Using the Web to boost DRTV response is a growing trend, says Rick Sangerman, senior vice president for client services at Chicago agency A. Eicoff & Co., which worked with Doctors Foster and Smith media and tracking for its DRTV efforts. “It varies by client, but we have some that might get 70% of their responses online.”
When asked how the catalog was tracking the spots’ ROI, Magee notes that unlike many DRTV marketers, the company decided not to create a unique 800 number or URL for each commercial. Instead, it’s using the DRTV campaign to help brand two easy-to-remember phone numbers, 800-442-PETS and 877-442-PETS.
As for a Web site, the catalog opted to use a URL it already had but didn’t really promote, fosterandsmith.com. “That site had gotten minimal traffic, so we knew if there was a bump it would be from TV,” he says.
The company’s main site is drsfostersmith.com, which Magee admits can be hard for people to remember. Other URLs used include peteducation.com and etropicals.com.
The lifetime value of DRTV-generated buyers is similar to those acquired through catalog prospecting. “They’re putting in their second or third order at about the same rate,” says Magee, adding the average order for both was about $87. The data card for the company’s mailing list features more than 450,000 hotline buyers from the last three months and 1.19 million customers from the past 12 months.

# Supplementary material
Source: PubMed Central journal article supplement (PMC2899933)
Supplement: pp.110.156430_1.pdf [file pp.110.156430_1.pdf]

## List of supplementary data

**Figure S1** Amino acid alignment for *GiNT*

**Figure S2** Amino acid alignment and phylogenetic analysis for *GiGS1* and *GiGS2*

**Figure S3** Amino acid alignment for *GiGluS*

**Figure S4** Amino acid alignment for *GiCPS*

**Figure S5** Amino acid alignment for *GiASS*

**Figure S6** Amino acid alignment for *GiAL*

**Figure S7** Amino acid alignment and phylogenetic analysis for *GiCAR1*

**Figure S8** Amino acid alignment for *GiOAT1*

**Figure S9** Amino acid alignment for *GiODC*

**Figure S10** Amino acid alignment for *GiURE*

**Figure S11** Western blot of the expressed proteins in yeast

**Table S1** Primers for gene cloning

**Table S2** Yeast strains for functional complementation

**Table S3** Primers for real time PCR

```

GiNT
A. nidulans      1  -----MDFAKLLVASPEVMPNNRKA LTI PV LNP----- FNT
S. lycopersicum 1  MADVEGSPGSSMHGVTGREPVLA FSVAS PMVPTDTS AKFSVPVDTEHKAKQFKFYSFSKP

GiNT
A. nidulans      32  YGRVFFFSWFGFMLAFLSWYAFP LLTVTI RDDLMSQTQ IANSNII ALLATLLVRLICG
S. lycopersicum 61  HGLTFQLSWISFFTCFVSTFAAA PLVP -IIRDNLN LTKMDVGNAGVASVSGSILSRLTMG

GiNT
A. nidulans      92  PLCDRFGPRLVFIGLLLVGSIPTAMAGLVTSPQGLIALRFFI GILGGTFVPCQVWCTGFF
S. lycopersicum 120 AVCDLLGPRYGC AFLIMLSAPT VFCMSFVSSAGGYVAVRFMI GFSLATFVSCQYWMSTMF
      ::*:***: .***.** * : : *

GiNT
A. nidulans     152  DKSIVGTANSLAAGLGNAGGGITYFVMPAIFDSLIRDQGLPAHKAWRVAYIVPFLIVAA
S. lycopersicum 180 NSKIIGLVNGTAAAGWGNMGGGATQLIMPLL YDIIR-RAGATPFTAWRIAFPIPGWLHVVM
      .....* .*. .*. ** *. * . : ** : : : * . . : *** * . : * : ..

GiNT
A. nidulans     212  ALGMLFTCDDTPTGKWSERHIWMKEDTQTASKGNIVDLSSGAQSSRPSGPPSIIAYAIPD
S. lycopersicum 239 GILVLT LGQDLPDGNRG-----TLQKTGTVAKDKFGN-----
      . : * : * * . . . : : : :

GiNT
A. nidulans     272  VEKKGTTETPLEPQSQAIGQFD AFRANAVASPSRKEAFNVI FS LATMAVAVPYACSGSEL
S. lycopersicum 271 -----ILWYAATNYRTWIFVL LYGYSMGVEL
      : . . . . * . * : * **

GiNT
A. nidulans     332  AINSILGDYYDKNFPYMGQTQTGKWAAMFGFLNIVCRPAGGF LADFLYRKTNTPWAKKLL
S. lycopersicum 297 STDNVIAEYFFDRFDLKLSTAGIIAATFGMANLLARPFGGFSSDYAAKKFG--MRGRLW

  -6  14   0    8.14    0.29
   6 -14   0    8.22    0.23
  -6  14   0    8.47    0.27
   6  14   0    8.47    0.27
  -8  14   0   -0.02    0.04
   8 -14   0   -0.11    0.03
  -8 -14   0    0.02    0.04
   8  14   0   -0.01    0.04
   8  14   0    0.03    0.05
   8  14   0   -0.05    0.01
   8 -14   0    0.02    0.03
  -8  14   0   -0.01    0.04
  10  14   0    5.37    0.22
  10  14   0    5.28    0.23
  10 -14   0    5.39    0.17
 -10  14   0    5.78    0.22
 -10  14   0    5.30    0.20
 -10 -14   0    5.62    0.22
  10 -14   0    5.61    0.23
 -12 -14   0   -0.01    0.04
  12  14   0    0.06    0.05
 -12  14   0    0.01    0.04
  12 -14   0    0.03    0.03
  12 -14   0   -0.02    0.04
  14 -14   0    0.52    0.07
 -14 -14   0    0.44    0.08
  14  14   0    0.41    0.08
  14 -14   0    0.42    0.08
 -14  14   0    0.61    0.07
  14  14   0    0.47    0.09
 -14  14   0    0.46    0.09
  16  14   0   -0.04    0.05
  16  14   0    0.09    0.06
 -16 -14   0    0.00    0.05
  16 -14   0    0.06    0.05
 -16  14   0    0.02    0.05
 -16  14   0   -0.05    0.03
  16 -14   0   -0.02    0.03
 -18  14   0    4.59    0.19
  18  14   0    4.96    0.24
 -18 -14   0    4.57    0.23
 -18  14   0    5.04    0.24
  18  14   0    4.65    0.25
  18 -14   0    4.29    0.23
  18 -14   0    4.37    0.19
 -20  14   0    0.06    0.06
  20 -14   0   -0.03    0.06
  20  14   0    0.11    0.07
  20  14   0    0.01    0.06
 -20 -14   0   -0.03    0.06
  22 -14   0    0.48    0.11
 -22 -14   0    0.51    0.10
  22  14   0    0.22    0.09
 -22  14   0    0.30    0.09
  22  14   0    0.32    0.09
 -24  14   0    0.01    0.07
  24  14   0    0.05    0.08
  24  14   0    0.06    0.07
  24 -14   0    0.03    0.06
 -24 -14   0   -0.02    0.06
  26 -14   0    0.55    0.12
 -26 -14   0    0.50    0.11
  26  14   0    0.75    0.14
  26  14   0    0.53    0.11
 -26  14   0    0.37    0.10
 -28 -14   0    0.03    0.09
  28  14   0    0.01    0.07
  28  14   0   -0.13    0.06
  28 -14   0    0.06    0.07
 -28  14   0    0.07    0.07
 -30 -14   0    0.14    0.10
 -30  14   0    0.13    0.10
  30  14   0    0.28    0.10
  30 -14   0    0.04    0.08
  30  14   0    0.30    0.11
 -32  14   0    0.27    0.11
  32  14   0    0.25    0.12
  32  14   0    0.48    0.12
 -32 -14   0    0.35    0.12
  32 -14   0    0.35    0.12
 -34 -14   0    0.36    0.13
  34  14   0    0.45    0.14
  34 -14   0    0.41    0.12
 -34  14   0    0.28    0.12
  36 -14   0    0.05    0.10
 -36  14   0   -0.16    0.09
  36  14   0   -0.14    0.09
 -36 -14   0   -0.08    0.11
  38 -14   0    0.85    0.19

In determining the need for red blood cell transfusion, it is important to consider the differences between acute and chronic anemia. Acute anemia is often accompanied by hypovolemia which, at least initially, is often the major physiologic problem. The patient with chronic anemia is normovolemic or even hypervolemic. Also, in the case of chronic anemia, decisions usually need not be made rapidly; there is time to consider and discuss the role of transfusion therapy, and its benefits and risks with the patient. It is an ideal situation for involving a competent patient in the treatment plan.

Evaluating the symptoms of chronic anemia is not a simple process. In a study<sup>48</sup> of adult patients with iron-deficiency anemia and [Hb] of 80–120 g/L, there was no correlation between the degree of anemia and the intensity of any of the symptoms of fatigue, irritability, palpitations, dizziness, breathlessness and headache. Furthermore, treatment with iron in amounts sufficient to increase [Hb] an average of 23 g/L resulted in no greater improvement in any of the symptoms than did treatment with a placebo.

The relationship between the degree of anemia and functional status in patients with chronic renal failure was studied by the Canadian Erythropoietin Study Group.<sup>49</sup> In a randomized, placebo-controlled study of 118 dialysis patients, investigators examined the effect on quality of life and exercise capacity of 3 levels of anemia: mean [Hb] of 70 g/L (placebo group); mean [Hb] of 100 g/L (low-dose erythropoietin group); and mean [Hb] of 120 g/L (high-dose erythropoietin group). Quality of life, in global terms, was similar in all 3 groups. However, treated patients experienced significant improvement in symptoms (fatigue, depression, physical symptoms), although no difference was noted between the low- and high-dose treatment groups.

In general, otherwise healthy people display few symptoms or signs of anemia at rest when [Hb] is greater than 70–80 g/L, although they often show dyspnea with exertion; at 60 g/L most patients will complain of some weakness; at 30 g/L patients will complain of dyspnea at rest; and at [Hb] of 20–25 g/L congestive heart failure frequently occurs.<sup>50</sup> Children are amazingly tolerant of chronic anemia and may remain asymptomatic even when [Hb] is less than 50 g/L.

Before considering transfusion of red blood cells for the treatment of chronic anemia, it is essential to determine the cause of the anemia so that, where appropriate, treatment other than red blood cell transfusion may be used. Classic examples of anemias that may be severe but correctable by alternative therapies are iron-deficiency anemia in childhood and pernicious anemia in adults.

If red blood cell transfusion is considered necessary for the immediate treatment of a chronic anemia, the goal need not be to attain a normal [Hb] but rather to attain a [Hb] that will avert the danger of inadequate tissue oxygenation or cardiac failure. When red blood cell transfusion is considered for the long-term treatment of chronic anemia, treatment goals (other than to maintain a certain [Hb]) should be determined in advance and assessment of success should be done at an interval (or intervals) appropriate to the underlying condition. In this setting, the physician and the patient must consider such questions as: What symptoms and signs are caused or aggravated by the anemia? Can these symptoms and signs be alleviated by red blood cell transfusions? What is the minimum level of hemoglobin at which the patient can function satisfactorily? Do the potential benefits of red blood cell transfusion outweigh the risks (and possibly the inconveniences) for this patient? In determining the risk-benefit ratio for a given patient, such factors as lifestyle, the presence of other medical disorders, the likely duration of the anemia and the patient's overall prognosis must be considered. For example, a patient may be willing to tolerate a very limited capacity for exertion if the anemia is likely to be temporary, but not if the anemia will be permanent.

Overall, Sangerman says, Web responders are younger. “What we’re seeing is that [marketers] are getting as good or better customers online as opposed to 800 numbers, in a demographic, psychographic and financial sense.”
Fifty-six percent of the company’s business is now online, a figure that as a raw statistic can be misleading because many people use the Web as a catalog-ordering mechanism, says Magee. And then there’s a smaller percentage who browse online and then order by phone.
The market for the company is broad, notes Magee, as over 60% of U.S. households own pets. The core demographic for Doctors Foster and Smith is women ages 35 to 55 who earn more than $50,000 a year. He expects that base to widen still, as the company heightens brand awareness for its multiple divisions: dog, cat, reptile, pond and live aquarium. In the latter, the good Doctors sell live fish and live coral raised domestically at the company’s northern Wisconsin headquarters.